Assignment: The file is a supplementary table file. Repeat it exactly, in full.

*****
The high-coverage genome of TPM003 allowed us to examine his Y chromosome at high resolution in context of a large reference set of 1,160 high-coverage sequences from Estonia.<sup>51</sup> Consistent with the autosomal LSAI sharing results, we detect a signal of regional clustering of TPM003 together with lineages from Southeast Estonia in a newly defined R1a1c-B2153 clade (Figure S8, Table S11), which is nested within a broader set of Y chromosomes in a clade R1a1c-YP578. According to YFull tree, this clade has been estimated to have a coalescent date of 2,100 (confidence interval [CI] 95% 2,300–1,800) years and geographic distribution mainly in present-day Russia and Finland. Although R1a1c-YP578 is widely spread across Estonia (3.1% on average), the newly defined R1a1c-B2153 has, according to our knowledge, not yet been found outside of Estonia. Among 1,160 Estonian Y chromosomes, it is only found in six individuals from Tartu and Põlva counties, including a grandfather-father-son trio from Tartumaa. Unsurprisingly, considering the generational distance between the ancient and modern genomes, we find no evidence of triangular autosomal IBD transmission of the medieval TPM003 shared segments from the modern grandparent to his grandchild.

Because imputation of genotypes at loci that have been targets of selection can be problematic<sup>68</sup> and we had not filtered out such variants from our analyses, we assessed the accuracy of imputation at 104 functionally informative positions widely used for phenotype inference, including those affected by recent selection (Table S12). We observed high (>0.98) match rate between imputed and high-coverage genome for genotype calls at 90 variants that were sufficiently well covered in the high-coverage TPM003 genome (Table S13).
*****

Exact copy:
The high-coverage genome of TPM003 allowed us to examine his Y chromosome at high resolution in context of a large reference set of 1,160 high-coverage sequences from Estonia.<sup>51</sup> Consistent with the autosomal LSAI sharing results, we detect a signal of regional clustering of TPM003 together with lineages from Southeast Estonia in a newly defined R1a1c-B2153 clade (Figure S8, Table S11), which is nested within a broader set of Y chromosomes in a clade R1a1c-YP578. According to YFull tree, this clade has been estimated to have a coalescent date of 2,100 (confidence interval [CI] 95% 2,300–1,800) years and geographic distribution mainly in present-day Russia and Finland. Although R1a1c-YP578 is widely spread across Estonia (3.1% on average), the newly defined R1a1c-B2153 has, according to our knowledge, not yet been found outside of Estonia. Among 1,160 Estonian Y chromosomes, it is only found in six individuals from Tartu and Põlva counties, including a grandfather-father-son trio from Tartumaa. Unsurprisingly, considering the generational distance between the ancient and modern genomes, we find no evidence of triangular autosomal IBD transmission of the medieval TPM003 shared segments from the modern grandparent to his grandchild.

Because imputation of genotypes at loci that have been targets of selection can be problematic<sup>68</sup> and we had not filtered out such variants from our analyses, we assessed the accuracy of imputation at 104 functionally informative positions widely used for phenotype inference, including those affected by recent selection (Table S12). We observed high (>0.98) match rate between imputed and high-coverage genome for genotype calls at 90 variants that were sufficiently well covered in the high-coverage TPM003 genome (Table S13).